She sat and chatted with drug dealers, prostitutes, lonely old men and girls she knew were too young to be on their own almost daily for 25 years.  At the age of 85, she asked God what he wanted her to do with her life (bold for 85, eh?). She felt like God asked her to give away her inheritance. Pauline was confused because she was living on a pension and spending her days drinking tea in the inner city. Money was not something she had a lot of!

But God revealed to her that money was not her inheritance – instead it was all the friendships she had made in the neighbourhood.  The faces of John, Rob, Susan, Jeanette, and more flashed before her eyes. She was reminded of the bartenders who would clear a spot for her and the men who would open the door for her as she came in to sit and be with people. These friendships were what was to be given away. People, created and loved by God, were a gift to Pauline and one she  was meant to  share. She felt compelled to find others who loved God and loved the DTES – people who would receive this gift and tend to these friendships.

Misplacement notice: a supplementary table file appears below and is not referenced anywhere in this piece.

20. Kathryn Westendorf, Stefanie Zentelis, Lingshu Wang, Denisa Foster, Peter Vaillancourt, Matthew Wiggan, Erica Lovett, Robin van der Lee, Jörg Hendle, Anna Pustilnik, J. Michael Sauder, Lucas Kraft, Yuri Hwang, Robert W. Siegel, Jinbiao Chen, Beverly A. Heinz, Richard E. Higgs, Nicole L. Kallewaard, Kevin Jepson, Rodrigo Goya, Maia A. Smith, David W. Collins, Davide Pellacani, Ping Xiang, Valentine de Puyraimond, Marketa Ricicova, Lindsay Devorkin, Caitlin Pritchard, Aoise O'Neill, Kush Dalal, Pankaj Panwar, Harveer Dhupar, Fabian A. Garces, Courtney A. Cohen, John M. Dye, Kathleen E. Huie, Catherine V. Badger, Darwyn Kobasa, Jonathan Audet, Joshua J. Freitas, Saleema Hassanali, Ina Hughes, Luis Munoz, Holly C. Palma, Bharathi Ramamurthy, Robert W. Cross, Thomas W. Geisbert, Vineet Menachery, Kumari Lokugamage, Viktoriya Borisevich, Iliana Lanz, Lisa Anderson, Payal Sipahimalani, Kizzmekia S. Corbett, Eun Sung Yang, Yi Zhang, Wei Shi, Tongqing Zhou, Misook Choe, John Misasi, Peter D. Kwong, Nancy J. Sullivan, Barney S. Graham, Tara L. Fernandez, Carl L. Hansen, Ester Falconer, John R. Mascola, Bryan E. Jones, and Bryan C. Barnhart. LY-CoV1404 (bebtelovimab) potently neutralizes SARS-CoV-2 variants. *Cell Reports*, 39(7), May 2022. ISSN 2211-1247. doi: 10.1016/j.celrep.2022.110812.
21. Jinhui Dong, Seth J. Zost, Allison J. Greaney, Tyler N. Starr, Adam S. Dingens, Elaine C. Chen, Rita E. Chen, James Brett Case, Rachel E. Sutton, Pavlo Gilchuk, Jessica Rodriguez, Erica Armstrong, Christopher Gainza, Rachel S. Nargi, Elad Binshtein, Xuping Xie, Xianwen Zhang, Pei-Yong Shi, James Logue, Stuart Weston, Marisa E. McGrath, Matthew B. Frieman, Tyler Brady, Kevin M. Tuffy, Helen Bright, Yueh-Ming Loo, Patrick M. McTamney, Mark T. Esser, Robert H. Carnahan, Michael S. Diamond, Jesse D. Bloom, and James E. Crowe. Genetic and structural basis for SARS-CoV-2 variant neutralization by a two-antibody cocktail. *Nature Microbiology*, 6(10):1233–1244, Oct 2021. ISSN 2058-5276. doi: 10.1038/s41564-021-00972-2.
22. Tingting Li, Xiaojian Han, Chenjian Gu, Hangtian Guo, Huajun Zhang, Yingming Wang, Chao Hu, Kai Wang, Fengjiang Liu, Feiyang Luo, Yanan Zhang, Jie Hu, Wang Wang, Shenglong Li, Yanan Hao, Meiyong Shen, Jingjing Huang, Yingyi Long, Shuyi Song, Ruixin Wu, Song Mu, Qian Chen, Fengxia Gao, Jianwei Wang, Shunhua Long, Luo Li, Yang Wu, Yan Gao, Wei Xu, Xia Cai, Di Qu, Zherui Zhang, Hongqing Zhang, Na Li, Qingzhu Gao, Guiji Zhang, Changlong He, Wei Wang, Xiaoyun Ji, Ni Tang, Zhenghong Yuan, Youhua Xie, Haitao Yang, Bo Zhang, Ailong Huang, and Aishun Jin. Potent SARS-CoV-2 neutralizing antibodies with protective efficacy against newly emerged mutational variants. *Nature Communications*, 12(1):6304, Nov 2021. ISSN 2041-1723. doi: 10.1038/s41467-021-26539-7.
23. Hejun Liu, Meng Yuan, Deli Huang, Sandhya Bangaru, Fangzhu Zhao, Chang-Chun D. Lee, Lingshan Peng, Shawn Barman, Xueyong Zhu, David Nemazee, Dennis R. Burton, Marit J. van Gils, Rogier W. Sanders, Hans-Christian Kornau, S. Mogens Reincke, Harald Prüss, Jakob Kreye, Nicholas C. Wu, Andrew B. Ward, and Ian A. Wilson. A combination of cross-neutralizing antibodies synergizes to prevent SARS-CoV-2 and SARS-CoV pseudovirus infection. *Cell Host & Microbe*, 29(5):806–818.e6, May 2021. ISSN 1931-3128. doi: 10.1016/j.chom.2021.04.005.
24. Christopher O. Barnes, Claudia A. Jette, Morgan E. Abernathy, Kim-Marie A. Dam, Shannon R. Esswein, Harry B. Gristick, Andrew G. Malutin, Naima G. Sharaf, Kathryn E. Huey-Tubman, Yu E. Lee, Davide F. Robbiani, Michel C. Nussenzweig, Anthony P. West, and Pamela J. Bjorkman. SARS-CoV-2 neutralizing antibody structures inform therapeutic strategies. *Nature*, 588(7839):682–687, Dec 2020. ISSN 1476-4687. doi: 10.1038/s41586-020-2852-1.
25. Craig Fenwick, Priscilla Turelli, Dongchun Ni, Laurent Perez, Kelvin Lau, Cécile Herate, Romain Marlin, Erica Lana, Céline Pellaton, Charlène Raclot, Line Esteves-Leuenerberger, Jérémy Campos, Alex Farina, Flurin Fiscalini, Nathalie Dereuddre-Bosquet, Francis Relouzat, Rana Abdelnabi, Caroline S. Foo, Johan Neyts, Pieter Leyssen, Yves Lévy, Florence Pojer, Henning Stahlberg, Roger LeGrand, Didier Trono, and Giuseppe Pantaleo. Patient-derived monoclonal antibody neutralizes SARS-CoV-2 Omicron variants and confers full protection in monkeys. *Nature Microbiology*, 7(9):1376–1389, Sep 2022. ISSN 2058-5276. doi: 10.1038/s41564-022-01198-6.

In June 2001, Pauline and a few friends opened the doors of the storefront at 239 Main Street and began a ministry based on loving people of the Downtown Eastside well. As my friend Joyce used to say, “she didn’t come to fix or save but to love.”  Jacob’s Well is where I, and many others, met Pauline. Her story was passed down to us and we pass it on to others.


Jacob’s Well – Photo by Marion Luttenberger